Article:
HN does not organize large amounts of copyright-protected works, nor are the links to articles an 'upload'. If HN organized PDFs of the linked articles so you could just skip heading to a third party site then we'd be talking.
'meant' is not a dangerous word. All laws require interpretation, which is why most countries have specific interpretation guidelines for legislation and even then sometimes it takes a few cracks at the can to get it right.
That's not something 'dangerous', although it can and does go wrong from time to time. But it's a standard risk of rulemaking as it's the standard process for courts interfacing with legislation or other rule-making texts.
Comment content is governable in the site ToS, where copyright assignment or other methods of defining the respective user/site rights can be dealt with.
Even if it wasn't, your performance in posting implies consent to provide at the very least a limited license to publish content you posted.
So where's the beef here?
Which is probably non-binding or invalid in most non-US jurisdictions and does not address the problem.
> Even if it wasn't, your performance in posting implies consent to provide at the very least a limited license to publish content you posted.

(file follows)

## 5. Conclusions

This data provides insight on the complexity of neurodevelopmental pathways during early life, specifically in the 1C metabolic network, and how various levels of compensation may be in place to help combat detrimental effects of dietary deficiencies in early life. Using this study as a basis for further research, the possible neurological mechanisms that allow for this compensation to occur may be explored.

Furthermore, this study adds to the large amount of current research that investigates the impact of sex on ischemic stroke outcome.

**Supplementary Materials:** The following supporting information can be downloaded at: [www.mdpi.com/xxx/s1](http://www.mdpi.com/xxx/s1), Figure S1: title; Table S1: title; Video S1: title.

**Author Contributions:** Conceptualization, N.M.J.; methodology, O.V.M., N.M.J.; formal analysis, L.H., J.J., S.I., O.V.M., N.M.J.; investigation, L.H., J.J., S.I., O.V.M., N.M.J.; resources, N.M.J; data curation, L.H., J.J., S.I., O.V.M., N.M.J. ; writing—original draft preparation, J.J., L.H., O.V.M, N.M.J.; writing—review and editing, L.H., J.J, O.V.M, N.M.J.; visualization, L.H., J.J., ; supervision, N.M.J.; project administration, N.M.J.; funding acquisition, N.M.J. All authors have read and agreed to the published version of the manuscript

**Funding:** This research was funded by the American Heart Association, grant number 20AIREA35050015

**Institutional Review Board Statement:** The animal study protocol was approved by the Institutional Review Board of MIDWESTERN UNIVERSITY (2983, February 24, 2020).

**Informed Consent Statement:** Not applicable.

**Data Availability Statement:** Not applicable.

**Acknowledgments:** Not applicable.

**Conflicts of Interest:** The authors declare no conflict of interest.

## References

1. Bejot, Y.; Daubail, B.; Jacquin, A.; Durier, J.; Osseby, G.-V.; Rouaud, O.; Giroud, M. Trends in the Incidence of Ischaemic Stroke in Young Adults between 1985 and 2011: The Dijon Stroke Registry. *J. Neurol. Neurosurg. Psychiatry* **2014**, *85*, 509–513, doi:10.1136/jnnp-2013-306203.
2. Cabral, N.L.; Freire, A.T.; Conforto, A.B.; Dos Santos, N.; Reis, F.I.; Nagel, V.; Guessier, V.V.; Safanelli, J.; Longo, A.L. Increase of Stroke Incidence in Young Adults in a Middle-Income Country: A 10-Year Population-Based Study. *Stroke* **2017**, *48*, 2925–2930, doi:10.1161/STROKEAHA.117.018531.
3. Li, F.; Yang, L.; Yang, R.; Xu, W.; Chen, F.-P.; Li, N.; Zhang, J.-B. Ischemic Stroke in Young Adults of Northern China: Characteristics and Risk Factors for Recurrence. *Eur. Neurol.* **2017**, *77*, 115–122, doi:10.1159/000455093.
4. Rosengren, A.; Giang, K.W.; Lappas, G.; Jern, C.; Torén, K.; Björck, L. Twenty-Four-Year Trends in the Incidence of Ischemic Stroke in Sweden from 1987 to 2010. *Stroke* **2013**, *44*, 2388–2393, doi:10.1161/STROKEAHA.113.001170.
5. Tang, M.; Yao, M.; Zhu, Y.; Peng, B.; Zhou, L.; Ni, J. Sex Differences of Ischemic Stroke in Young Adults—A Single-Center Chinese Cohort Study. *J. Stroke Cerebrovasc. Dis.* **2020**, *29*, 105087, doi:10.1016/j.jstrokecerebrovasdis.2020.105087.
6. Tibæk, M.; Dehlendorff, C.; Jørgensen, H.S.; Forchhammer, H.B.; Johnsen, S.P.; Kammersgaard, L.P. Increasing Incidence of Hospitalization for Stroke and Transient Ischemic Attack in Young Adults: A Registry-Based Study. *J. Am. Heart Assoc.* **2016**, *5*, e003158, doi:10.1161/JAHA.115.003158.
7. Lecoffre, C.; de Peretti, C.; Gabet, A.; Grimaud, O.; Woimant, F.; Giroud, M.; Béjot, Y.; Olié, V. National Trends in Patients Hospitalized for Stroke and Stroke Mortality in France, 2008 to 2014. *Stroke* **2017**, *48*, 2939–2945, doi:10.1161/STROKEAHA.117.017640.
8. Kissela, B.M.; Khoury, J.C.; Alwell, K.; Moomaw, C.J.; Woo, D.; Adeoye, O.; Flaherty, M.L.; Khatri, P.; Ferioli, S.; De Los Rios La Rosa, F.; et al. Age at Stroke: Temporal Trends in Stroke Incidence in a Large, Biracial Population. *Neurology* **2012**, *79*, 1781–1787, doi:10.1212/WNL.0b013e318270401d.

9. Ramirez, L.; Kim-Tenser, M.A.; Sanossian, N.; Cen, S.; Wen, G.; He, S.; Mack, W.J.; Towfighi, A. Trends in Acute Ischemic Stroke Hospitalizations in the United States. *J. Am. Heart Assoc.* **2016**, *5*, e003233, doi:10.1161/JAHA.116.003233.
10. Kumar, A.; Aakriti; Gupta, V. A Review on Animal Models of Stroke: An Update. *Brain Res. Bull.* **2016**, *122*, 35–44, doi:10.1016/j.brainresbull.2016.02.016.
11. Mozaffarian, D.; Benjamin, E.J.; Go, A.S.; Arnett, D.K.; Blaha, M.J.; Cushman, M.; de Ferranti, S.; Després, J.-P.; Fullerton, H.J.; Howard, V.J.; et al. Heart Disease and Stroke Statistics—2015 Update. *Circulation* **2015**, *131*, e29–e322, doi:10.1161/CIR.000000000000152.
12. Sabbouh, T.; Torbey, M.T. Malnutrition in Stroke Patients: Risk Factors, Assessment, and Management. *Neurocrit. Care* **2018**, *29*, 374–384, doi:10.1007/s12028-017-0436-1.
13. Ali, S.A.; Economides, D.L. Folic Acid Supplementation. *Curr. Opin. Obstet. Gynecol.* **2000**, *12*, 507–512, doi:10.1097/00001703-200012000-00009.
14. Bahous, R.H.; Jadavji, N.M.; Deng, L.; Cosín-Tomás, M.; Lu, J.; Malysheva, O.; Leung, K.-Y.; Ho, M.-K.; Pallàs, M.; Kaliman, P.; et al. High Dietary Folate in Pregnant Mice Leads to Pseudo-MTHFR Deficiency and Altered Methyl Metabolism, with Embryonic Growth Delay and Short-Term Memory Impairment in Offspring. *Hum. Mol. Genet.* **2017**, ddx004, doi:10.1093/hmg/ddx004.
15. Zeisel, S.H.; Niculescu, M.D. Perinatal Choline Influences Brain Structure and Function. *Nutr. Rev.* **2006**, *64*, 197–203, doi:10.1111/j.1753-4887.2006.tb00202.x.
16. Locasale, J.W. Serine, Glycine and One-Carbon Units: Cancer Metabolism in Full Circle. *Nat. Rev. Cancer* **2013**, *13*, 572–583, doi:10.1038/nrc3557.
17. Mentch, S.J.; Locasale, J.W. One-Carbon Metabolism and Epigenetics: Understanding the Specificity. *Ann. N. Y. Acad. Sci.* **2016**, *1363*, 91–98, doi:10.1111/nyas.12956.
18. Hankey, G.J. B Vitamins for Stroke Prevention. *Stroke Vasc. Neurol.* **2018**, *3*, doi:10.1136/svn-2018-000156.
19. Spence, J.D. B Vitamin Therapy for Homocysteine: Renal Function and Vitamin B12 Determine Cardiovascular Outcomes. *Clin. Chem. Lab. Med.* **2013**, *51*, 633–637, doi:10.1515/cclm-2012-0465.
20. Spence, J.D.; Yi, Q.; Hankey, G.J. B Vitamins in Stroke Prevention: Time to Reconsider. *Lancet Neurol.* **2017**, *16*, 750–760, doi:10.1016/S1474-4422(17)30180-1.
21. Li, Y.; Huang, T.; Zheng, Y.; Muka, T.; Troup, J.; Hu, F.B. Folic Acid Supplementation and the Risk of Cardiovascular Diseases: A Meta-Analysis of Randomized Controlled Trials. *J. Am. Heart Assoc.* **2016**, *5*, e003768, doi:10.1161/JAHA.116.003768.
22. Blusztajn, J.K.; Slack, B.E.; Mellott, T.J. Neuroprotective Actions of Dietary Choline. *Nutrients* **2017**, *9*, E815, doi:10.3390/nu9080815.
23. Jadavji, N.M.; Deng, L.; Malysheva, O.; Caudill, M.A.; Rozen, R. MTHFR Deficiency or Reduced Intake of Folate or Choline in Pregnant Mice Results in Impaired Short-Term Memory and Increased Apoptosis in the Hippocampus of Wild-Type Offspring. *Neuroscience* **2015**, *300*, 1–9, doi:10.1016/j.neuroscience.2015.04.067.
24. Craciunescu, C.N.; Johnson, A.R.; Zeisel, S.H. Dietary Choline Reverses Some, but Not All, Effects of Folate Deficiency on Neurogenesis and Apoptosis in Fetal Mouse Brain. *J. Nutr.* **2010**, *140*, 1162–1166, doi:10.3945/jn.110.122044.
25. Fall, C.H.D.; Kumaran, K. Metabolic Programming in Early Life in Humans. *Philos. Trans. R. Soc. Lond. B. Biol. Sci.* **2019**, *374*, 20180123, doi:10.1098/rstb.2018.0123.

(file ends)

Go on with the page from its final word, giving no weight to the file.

That is like claiming a random user uploading Star Wars movies on youtube is no problem because that user gave them a limited license. That "license" is obviously invalid and Disney can claim copyright infringement. The proposed law now discusses whether "random user" or youtube or both are liable for this.
(1) In a hypothetical world where this law has unbounded jurisdiction
What's the scary remedy for a copyright holder if they already provided a license to publish the published content?
User posts don't make every forum into pornhub. Calm down.
The core problem this law is trying to address is that website users are, en masse, contributing content to websites when they don’t have a license to do so. This behavior is against pretty much all websites’ terms of service.
As there are many users with no money all putting illegitimate content onto a few websites with a lot of money, this law seeks to shift the burden of liability onto the websites. As a policy, it’s not completely unreasonable, but makes the mass content-farm websites like YouTube unfeasable.
The lawmakers fear for their jobs if YouTube shuts down because of their new law, so they carve out a bunch of exceptions to let key sectors of the internet continue operating (with some work to comply).
The broadest of these, implementing automated content filters, is expensive and unreliable. Operators of smaller websites, such as a typical Internet forum, have their own exception. The problem is that the boundaries here are vague and (potentially) poorly drawn, leaving sites like HN (if it were in EU jurisdiction) with a bad set of options:
* Hope nobody notices
* Accept the liability and vigorously police the site manually, probably buying insurance against a judgment
* Rely on judges allowing them the small-volume or non-profit-seeking exemptions
* Implement content filters that are expensive and a terrible user experience
...? Where are you getting this?
Have you read the current copy of the draft proposal? I did.
None of the restrictions are going to kill sites like Youtube (let alone HN). The proportionality element alone makes the 'we need to invest 200% of our revenue into content blocking' myth absurd.